3D models: A computational method for spatial analysis. Three-dimensional visualizations are created by specialized software using geometric data. Objects can be created, placed in scenes, and produced in physical form by 3D printers. Within 3D modeling there is variation between models which are static, such as re-creations of architectural spaces, and models which are meant to be experienced, such as those used in simulations which can be explored. Sketchup, which has a free version, is the most widely used 3D software in digital humanities (https://www.sketchup.com/). 3D models are also being created in game development platforms, such as Unity Game Engine.
API (Application Program Interface): Software that allows two web applications to communicate. Commonly used to access data in an online database. Museums, libraries and archives can provide an API as a way to share their databases, providing users with the ability to gather large quantities of data more efficiently than with the search tools and interfaces provided for the database.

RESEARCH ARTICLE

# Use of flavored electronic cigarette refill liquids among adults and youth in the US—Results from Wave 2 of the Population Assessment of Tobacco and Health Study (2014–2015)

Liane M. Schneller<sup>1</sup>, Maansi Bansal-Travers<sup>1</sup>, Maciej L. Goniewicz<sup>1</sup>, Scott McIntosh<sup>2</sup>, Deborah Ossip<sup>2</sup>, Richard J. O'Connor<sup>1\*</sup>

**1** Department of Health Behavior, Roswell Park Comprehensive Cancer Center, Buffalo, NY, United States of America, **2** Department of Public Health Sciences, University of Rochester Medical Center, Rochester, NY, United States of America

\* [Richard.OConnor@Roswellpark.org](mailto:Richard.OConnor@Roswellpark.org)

Augmented reality, AR: A form of visualization that overlays information on a user’s view of a real world environment and the objects in, to create a composite picture that alters perception of the environment (as distinct from VR which replaces the real world environment with a simulation). AR is commonly displayed on smartphones and tablets, using the device’s camera and GPS to determine what information to display and where to display it. Uses of AR in digital humanities include augmenting locations with historical photographs of the place, augmenting classical statues with the colors in which they were originally painted, and augmenting displays with additional descriptions.
Backend (aka control panel or dashboard): Administrative side of software where you can make technical and content changes that is not visible or accessible to visitors to the site (not public-facing).